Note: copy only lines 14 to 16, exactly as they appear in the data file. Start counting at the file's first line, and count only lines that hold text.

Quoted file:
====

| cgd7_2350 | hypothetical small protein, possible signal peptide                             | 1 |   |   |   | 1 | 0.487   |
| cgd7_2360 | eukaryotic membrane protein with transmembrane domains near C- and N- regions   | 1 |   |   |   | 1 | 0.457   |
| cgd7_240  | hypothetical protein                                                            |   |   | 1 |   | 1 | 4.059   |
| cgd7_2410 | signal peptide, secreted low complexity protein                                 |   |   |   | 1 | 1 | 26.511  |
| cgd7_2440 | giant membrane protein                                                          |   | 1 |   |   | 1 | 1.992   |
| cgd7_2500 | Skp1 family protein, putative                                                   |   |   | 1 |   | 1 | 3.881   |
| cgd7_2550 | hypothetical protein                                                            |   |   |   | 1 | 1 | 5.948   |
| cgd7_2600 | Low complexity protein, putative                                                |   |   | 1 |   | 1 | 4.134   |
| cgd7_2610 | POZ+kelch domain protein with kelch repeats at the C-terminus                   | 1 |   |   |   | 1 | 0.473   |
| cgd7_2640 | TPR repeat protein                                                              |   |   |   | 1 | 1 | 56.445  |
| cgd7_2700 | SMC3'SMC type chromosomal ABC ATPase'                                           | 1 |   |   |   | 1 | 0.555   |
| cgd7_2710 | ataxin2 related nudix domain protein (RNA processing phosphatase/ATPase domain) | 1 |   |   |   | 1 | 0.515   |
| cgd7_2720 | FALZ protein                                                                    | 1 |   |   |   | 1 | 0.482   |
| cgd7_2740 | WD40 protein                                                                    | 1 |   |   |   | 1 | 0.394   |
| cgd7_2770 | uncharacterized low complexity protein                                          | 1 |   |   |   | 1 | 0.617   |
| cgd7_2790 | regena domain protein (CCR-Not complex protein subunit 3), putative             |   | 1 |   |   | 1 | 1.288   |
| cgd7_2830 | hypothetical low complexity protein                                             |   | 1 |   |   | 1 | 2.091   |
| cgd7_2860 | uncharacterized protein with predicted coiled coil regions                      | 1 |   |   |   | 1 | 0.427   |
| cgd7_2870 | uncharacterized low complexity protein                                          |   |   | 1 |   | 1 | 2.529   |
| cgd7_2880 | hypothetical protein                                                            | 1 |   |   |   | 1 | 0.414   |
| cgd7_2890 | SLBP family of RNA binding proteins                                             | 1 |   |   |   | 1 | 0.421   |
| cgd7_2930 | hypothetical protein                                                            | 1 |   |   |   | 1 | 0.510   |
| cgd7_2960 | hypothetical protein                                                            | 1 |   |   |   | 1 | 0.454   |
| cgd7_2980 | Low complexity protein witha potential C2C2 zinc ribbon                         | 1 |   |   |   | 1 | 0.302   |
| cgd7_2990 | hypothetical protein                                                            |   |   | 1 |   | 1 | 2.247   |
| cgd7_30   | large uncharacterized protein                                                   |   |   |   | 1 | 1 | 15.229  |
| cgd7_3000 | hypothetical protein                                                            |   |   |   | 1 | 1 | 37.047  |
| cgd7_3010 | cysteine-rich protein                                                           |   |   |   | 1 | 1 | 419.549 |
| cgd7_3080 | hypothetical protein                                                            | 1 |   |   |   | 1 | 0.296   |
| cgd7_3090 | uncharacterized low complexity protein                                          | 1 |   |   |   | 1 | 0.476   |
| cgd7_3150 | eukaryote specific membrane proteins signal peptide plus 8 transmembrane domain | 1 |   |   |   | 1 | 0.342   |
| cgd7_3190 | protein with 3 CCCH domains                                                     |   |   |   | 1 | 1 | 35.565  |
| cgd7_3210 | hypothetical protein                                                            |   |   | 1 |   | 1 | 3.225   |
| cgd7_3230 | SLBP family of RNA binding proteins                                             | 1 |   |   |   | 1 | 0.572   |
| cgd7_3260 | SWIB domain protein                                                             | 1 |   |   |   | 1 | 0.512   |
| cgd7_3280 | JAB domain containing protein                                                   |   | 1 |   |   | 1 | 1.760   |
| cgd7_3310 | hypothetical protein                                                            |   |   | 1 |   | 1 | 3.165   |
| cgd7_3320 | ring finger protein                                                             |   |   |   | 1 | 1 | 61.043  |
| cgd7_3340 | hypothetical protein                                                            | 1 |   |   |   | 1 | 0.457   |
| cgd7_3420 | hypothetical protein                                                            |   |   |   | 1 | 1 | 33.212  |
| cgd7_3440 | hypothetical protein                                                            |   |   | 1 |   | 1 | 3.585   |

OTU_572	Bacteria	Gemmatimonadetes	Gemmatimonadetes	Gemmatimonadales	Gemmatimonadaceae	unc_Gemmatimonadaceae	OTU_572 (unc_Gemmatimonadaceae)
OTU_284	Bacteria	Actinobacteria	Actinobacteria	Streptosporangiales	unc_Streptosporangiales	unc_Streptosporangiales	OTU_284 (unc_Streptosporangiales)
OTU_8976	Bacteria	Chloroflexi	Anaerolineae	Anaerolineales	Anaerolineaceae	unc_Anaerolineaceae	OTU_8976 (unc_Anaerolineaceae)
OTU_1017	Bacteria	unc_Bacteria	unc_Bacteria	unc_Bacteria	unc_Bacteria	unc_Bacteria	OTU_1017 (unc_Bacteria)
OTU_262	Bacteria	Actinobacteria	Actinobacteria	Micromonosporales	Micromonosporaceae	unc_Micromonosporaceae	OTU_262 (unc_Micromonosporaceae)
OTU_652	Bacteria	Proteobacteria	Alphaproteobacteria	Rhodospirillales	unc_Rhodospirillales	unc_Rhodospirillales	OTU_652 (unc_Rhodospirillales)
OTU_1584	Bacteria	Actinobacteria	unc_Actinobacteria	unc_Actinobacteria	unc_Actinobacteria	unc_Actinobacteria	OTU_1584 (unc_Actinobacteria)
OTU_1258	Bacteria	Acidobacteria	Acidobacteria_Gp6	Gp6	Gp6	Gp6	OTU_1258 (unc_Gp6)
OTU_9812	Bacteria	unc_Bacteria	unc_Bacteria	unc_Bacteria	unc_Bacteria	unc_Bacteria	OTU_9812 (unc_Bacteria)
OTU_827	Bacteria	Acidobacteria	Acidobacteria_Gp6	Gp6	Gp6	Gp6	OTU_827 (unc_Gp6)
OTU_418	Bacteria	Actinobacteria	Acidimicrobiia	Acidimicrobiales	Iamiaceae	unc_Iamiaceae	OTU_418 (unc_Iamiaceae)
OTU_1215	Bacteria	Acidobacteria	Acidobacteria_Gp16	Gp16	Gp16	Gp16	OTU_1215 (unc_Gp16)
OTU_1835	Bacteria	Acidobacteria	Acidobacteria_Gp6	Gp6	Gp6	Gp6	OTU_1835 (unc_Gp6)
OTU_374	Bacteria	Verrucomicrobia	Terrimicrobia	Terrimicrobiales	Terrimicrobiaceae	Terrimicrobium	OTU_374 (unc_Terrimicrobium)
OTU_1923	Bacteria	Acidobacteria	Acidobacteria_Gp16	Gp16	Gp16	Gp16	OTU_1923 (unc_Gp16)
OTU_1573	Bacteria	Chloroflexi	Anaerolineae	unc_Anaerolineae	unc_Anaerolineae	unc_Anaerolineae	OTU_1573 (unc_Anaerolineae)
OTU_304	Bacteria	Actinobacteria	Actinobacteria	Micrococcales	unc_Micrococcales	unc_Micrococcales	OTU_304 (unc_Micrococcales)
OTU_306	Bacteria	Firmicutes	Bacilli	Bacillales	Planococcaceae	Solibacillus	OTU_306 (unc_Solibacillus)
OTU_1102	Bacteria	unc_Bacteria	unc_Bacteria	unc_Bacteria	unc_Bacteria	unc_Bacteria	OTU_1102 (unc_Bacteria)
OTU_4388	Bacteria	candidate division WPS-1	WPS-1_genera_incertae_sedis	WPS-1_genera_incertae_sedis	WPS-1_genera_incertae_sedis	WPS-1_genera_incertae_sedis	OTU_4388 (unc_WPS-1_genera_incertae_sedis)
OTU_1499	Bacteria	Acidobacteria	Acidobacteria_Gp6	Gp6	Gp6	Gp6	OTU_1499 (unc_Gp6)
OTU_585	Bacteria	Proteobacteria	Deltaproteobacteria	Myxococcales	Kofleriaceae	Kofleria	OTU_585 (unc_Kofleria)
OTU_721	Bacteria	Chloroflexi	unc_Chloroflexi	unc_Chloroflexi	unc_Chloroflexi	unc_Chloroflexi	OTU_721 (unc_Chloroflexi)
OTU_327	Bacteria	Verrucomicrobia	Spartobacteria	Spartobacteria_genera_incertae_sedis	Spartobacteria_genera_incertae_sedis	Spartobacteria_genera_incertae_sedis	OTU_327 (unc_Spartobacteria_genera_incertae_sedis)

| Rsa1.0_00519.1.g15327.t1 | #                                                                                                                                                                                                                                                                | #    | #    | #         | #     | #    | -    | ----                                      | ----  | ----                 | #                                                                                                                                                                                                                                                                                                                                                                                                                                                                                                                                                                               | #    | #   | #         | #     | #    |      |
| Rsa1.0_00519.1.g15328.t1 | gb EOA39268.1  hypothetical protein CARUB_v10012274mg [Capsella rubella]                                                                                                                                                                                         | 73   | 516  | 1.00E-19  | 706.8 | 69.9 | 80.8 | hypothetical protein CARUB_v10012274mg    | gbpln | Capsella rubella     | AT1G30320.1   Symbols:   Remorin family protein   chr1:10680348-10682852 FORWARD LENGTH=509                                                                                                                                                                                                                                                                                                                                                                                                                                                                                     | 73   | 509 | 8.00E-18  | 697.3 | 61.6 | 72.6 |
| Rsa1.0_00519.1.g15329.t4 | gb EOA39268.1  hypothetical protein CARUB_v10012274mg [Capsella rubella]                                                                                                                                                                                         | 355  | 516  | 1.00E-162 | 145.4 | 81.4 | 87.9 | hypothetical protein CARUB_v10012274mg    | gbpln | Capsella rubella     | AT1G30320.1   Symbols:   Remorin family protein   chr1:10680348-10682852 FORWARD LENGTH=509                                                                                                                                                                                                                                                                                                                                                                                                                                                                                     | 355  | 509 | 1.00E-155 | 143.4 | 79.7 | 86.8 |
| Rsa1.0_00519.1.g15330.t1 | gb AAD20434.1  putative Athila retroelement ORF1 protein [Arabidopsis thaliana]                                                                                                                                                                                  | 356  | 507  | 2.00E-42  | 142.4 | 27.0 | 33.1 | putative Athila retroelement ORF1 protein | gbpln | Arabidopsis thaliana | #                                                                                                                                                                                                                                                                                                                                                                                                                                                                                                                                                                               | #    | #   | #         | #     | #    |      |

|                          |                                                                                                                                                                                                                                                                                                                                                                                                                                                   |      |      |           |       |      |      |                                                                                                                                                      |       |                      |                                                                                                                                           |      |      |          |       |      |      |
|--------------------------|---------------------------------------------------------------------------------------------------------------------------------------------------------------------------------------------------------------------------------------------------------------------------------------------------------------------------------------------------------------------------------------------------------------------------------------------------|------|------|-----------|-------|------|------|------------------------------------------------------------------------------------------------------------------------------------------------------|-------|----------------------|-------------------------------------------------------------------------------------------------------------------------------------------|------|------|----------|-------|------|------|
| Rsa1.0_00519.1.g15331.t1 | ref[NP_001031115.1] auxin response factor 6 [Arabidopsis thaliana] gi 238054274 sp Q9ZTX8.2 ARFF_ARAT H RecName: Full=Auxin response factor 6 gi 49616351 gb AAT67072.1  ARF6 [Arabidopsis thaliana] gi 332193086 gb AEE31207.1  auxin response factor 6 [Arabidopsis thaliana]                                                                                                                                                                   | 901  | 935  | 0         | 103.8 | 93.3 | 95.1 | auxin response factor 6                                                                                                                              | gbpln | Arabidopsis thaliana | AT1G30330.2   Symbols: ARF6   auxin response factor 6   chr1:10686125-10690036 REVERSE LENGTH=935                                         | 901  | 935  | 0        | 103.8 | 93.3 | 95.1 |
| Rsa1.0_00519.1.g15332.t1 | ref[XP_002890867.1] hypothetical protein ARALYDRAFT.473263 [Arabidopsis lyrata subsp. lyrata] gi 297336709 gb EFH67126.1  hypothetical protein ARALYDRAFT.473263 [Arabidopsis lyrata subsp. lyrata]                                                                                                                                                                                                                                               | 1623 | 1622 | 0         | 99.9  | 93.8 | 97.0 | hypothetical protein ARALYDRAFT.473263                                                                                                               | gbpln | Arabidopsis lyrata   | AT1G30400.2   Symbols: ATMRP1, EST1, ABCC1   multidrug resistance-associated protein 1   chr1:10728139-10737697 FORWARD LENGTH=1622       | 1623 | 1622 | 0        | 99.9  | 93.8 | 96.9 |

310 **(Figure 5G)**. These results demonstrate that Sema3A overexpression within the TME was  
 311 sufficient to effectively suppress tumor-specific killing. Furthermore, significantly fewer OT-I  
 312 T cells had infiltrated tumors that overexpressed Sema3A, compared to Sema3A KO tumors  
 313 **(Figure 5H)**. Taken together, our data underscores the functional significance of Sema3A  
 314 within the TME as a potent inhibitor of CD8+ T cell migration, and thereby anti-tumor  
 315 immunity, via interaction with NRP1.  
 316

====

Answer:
| cgd7_2740 | WD40 protein                                                                    | 1 |   |   |   | 1 | 0.394   |
| cgd7_2770 | uncharacterized low complexity protein                                          | 1 |   |   |   | 1 | 0.617   |
| cgd7_2790 | regena domain protein (CCR-Not complex protein subunit 3), putative             |   | 1 |   |   | 1 | 1.288   |